In the Valley of Death
Restrepo goes deep into the lives of soldiers in Afghanistan’s deadliest region / by Bret McCabe
hat are we doing?” That’s the question one
member of Second Platoon, Battle Company, 2nd Battalion of the 503rd Infantry Regiment, remembers asking himself when he first laid eyes on the Korangal Valley in Eastern Afghanistan. In May 2007, he and his unit were deployed to this remote locale, dubbed the “Valley of Death” by American military personnel due to the amount of fighting it has seen.
The Korangal Outpost—the “Kop”—is a small miliar to the genre, with camp located among one of the valley’s rocky crags. soldiers acting like the In every direction lies unforgiving terrain of tribal young men they are villages, scattered brush and dirt—all of it hostile. during downtime back As a different member of Second Platoon says in at the Kop base and Outpost Restrepo, erected a few months into their tour and Restrepo, the documentary about the unit’s deploy- named for a fallen comrade, PFC Juan “Doc” Restrepo. But the movie’s baseline ment here, the Kop is at the end of the road, and experience is completely different. The crackle of gunfire and low-end thud of where the road ends the Taliban begins. artillery begins to feel almost constant during Restrepo, so much so that the American journalist Sebastian Junger and Brit- few moments of near silence feel uncannily tense. ish photojournalist Tim Hetherington spent a year In fact, Restrepo is less narrative documentary than experimental sound embedded with these men, and the riveting footage and visual immersion. It captures the unit’s weekly “shura” meetings with the they brought back and assembled into Restrepo is area’s village elders about trying to help them fight the enemy—the strategic unlike any other document of the ongoing War on value of the Kop is to provide security to a road, keeping goods and services Terror. While Junger and Hetherington do include flowing to the villages so that they don’t turn to Taliban for support—but for a few interviews with the men after they the most part its point of view is that of the grunts doing their job. And leave the valley, and very occasionally add what they do is burn their waste, dig in their positions to provide cover music to accompany their footage, for from the nearly 360 degree field of fire, and try to stay alive. During one most of the movie’s 94 minutes, all that it multiple-day maneuver, Operation Rock Avalanche, this job becomes offers is what the lenses and microphones so intensely anxious that it’s amazing some video artist hasn’t tried captured of the soldier’s experience. It’s requesting the raw footage to be projected in continuous loop on four walls of a square gallery space and titled it “P.T.S.D.” less cinema verite than an ambient recording of surviving hell. What are we doing? Junger and Hetherington never insult their auSince the March 2003 invasion of Iraq, dience’s intelligence by assuming that they can answer that question, this military campaign and occupation but it swirls through the head like the near-constant gunfire in the dishas become the most constantly docu- Restrepo will tance. The filmmakers claim Restrepo is apolitical, as it doesn’t try to be released mented war in history, with a deluge of December 7 politicize the Second Platoon’s presence in Afghanistan. But Restrepo embedded documentaries hitting movie on DVD and also possesses the unnerving power to elicit strong emotions—which Blu-ray, from theaters and home video beginning in in and of itself is a political response to a military operation that is Virgil Films and 2004. Restrepo includes many scenes faseven years old, with no end in sight. Entertainment. 48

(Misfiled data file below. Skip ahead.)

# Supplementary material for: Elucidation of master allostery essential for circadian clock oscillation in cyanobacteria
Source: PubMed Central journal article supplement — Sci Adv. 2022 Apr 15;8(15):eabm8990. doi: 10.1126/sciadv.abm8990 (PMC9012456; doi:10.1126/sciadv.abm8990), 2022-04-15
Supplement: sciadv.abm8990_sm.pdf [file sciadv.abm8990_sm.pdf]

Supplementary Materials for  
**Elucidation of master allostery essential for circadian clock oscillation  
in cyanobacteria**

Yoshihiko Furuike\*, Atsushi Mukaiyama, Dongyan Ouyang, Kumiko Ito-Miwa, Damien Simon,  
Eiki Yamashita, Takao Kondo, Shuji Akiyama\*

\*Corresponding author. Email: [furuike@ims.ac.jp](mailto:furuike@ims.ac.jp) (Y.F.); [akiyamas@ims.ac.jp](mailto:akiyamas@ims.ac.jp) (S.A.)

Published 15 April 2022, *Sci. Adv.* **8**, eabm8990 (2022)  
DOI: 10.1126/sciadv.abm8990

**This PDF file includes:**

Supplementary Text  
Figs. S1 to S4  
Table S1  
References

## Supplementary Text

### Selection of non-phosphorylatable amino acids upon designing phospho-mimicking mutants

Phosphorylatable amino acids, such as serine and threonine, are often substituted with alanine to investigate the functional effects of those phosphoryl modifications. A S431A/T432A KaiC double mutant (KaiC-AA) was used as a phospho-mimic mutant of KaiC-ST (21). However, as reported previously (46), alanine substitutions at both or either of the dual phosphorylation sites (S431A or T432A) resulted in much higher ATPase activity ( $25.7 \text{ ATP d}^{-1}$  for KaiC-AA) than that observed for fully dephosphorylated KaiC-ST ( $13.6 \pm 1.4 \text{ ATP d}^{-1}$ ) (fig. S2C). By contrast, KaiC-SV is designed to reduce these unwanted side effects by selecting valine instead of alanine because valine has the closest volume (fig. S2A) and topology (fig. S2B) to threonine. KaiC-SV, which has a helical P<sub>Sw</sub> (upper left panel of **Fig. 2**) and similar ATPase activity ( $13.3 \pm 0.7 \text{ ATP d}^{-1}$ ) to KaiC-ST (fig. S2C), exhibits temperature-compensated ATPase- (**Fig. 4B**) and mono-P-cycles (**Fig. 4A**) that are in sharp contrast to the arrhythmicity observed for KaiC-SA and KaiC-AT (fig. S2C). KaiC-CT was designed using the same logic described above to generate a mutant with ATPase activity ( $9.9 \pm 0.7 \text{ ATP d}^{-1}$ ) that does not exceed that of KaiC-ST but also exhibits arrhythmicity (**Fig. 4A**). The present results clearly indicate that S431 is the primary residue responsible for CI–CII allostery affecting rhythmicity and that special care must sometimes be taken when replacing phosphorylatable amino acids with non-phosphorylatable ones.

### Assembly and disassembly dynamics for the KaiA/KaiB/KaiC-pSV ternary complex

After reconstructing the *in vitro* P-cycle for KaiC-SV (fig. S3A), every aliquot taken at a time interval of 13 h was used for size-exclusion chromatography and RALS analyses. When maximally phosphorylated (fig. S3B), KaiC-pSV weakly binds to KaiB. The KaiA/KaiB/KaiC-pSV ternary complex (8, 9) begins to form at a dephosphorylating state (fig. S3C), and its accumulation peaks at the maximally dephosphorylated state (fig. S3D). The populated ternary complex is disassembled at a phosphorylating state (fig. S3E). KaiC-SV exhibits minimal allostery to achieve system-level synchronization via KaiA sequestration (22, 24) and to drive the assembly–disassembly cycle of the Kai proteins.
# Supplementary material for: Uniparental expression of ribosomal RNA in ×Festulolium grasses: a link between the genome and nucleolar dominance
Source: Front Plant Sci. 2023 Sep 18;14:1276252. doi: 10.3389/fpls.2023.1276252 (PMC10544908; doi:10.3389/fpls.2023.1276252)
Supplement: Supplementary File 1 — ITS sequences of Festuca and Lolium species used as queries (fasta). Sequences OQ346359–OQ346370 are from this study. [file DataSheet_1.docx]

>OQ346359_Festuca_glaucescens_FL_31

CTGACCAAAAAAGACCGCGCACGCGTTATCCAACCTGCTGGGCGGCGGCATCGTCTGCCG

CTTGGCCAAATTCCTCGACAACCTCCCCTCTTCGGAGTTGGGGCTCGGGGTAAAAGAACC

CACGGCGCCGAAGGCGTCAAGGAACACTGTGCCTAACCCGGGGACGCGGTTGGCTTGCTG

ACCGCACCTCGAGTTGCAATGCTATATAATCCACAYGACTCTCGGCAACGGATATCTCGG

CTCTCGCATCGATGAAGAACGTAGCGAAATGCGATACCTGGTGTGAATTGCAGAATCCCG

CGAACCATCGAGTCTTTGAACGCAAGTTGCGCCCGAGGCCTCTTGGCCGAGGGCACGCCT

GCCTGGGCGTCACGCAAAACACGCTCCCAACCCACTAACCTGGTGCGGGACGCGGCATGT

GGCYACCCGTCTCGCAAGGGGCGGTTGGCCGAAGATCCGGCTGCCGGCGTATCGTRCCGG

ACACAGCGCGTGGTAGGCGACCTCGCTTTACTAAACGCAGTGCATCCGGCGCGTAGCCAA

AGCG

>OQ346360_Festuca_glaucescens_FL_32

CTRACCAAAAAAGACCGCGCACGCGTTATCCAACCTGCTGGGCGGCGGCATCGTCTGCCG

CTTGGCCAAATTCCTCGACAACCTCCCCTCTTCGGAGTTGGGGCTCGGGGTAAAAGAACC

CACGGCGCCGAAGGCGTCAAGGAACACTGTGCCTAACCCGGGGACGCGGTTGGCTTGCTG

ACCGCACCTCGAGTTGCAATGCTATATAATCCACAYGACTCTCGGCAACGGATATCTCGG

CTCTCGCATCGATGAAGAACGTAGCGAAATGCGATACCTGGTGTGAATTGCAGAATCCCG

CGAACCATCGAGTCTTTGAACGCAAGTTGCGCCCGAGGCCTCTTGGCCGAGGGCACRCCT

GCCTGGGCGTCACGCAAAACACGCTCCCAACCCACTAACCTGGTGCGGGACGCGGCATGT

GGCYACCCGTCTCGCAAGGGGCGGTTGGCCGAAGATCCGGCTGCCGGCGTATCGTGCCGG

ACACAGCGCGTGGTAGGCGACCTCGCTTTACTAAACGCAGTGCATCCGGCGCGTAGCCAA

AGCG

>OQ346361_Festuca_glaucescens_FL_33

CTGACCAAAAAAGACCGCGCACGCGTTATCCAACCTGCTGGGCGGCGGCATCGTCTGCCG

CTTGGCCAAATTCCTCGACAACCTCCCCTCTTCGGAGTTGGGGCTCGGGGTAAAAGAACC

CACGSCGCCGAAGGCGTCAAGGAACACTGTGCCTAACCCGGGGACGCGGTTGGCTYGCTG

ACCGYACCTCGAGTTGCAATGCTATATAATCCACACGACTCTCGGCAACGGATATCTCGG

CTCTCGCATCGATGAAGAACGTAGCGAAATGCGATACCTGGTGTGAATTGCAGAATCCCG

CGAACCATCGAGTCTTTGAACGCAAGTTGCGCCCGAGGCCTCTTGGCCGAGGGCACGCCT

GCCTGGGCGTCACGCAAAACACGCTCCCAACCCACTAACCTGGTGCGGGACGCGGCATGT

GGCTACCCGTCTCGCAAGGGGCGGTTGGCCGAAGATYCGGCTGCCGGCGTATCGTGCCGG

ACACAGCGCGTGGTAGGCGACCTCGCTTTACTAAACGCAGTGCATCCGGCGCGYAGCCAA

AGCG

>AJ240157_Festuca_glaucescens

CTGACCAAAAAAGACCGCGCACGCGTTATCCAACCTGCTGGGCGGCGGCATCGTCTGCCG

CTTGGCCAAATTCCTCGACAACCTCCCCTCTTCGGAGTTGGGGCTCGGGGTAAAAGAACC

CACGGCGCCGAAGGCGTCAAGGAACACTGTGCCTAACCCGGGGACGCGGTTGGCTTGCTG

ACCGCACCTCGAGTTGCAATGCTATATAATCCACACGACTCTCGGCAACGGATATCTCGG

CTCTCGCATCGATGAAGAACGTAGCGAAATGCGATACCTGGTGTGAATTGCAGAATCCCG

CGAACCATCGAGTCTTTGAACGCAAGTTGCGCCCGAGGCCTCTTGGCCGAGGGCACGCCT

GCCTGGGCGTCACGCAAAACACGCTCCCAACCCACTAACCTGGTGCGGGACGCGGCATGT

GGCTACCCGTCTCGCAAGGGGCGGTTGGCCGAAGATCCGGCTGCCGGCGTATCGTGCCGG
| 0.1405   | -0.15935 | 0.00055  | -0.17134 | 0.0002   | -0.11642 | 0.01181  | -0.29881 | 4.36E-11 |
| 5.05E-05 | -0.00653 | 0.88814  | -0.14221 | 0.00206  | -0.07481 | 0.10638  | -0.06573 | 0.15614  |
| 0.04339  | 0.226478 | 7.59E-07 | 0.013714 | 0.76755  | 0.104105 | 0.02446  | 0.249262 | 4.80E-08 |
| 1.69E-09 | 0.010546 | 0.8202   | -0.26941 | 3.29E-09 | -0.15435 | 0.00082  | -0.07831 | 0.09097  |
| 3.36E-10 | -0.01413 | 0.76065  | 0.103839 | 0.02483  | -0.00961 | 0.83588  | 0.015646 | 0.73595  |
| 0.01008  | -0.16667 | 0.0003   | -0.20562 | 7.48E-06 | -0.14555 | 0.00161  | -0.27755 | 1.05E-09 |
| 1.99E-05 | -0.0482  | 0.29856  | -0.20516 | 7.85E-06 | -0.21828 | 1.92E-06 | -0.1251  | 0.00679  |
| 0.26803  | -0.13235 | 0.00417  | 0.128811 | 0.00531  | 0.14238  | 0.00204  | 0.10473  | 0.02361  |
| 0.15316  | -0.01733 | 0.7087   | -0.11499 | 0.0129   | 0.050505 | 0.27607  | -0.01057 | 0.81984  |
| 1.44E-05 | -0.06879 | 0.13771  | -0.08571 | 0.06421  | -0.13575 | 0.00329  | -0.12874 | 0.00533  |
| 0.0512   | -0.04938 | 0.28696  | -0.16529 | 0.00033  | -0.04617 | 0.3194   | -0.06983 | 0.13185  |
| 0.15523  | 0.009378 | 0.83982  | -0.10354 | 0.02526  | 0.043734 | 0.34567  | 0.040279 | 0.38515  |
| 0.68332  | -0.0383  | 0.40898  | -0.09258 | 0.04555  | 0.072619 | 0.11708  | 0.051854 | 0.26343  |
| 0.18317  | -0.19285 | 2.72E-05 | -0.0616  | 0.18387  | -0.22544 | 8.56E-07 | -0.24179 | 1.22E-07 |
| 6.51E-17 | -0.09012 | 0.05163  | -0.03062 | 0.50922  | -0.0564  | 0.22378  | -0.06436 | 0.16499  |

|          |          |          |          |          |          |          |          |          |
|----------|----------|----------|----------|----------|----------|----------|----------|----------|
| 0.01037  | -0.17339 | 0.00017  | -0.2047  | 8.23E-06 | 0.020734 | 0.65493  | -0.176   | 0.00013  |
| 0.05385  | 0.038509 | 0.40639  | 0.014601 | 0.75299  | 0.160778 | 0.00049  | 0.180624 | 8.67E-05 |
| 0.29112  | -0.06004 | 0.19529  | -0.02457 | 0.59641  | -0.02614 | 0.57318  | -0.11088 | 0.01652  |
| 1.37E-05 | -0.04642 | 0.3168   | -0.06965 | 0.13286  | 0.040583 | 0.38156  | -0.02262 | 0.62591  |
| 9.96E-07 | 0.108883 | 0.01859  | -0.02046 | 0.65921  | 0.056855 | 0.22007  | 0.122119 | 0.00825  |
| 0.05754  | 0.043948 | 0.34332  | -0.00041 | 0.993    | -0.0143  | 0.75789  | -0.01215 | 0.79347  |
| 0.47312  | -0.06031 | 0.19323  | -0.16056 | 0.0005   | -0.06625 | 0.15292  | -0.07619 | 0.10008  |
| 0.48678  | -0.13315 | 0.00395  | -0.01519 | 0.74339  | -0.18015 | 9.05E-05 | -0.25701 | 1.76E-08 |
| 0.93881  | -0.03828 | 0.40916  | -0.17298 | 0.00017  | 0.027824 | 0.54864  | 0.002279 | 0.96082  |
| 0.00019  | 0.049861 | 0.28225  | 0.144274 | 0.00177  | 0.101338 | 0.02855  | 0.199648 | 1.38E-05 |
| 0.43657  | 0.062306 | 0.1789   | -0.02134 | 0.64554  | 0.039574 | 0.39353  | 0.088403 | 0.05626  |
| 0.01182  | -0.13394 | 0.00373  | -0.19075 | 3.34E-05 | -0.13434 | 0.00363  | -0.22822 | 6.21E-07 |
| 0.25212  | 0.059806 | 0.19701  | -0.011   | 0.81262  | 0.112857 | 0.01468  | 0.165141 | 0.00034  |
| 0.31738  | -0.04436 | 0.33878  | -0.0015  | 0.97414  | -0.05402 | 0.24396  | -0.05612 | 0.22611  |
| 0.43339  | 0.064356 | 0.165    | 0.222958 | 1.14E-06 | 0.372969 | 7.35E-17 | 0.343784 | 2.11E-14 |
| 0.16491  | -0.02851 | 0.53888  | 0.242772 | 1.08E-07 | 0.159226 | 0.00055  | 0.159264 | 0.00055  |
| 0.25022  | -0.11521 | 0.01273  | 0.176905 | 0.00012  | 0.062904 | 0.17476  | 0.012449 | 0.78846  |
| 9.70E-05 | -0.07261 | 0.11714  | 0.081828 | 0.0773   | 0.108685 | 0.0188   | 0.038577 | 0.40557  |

Published on Nov 30, 2010
Published on Nov 30, 2010
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